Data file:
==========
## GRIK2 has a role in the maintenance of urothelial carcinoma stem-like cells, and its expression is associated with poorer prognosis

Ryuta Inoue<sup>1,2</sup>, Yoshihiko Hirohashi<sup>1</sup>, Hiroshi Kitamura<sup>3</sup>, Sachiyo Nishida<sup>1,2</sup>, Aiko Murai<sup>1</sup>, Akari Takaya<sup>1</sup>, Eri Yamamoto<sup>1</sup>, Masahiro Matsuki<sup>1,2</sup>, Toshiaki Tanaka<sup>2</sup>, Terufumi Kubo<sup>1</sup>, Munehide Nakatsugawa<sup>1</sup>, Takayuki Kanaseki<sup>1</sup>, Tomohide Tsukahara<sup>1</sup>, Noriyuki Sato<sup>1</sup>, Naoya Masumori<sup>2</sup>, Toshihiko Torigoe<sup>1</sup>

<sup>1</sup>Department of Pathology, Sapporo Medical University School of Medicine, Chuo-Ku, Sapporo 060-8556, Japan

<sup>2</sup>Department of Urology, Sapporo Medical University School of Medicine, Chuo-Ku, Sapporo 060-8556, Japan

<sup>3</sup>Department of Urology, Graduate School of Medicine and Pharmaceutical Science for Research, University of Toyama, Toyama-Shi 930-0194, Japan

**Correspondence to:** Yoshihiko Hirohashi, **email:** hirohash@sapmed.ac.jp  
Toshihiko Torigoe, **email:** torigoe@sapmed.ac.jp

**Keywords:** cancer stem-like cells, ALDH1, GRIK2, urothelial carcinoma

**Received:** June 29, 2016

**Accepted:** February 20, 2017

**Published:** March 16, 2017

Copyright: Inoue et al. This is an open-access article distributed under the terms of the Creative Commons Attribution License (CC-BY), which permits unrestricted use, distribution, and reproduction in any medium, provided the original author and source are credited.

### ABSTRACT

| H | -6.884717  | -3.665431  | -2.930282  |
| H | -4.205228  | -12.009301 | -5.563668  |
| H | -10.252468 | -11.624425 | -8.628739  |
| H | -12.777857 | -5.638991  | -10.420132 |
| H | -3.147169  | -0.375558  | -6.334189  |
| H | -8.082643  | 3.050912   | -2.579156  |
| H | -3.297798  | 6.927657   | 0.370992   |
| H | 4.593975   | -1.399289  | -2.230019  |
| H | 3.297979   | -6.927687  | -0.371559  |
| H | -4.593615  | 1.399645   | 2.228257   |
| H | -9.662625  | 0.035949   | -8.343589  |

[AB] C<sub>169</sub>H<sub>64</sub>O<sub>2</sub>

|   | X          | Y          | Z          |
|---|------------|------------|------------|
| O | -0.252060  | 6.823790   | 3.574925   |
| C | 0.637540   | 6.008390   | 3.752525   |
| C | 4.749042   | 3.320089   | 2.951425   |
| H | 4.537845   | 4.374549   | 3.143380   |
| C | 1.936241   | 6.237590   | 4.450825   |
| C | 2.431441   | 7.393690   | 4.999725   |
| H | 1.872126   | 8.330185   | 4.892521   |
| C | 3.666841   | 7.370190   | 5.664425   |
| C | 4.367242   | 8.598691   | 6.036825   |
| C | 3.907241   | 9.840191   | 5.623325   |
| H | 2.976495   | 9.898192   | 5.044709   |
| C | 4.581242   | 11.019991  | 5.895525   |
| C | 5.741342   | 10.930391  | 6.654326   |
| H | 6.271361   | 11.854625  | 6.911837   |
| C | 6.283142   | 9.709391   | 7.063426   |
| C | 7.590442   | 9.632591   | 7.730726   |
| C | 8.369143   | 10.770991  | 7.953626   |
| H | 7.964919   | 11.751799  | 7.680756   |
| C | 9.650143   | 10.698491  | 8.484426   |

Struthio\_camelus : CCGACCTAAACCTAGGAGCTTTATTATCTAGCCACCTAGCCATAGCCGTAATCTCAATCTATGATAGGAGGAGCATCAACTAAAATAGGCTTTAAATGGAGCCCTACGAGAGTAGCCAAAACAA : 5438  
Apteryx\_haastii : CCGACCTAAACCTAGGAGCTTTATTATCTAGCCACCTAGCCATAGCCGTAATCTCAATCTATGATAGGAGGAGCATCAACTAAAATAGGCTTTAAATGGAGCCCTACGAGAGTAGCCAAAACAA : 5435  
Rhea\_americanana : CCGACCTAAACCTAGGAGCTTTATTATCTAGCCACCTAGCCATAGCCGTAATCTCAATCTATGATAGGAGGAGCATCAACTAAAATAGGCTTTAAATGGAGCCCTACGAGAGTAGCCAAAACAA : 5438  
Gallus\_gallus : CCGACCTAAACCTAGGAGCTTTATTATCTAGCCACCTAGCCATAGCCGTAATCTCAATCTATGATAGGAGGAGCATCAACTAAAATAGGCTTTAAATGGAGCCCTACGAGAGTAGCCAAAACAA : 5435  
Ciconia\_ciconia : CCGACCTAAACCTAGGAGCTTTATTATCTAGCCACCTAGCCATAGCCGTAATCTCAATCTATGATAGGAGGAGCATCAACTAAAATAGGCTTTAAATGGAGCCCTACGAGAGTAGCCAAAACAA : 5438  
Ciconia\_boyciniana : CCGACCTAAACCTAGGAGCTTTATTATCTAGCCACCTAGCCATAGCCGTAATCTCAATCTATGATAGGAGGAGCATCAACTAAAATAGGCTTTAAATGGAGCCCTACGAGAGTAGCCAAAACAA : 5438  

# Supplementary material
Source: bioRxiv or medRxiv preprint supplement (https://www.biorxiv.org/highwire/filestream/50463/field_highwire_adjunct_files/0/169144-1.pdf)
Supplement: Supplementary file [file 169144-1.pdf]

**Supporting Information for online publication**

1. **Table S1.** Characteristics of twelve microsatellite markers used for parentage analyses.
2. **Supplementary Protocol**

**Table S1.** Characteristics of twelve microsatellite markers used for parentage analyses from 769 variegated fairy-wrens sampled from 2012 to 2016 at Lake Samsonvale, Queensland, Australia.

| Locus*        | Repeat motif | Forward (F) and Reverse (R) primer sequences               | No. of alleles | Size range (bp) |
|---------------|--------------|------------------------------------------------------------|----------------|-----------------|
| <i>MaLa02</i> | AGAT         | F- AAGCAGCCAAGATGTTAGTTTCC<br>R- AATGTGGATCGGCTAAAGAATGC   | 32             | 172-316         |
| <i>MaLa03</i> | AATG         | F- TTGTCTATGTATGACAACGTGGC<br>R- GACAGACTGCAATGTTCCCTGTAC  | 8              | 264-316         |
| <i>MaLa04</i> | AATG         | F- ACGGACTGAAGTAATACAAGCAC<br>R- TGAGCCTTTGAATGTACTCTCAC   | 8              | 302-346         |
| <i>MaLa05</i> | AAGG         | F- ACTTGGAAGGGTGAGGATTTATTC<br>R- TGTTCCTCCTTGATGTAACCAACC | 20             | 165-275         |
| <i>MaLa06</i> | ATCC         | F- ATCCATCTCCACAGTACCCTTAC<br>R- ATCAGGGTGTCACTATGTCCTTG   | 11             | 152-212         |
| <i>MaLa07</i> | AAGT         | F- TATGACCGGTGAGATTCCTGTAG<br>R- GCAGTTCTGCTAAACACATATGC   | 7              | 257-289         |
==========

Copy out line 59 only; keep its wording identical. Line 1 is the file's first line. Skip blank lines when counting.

**Table S1.** Characteristics of twelve microsatellite markers used for parentage analyses from 769 variegated fairy-wrens sampled from 2012 to 2016 at Lake Samsonvale, Queensland, Australia.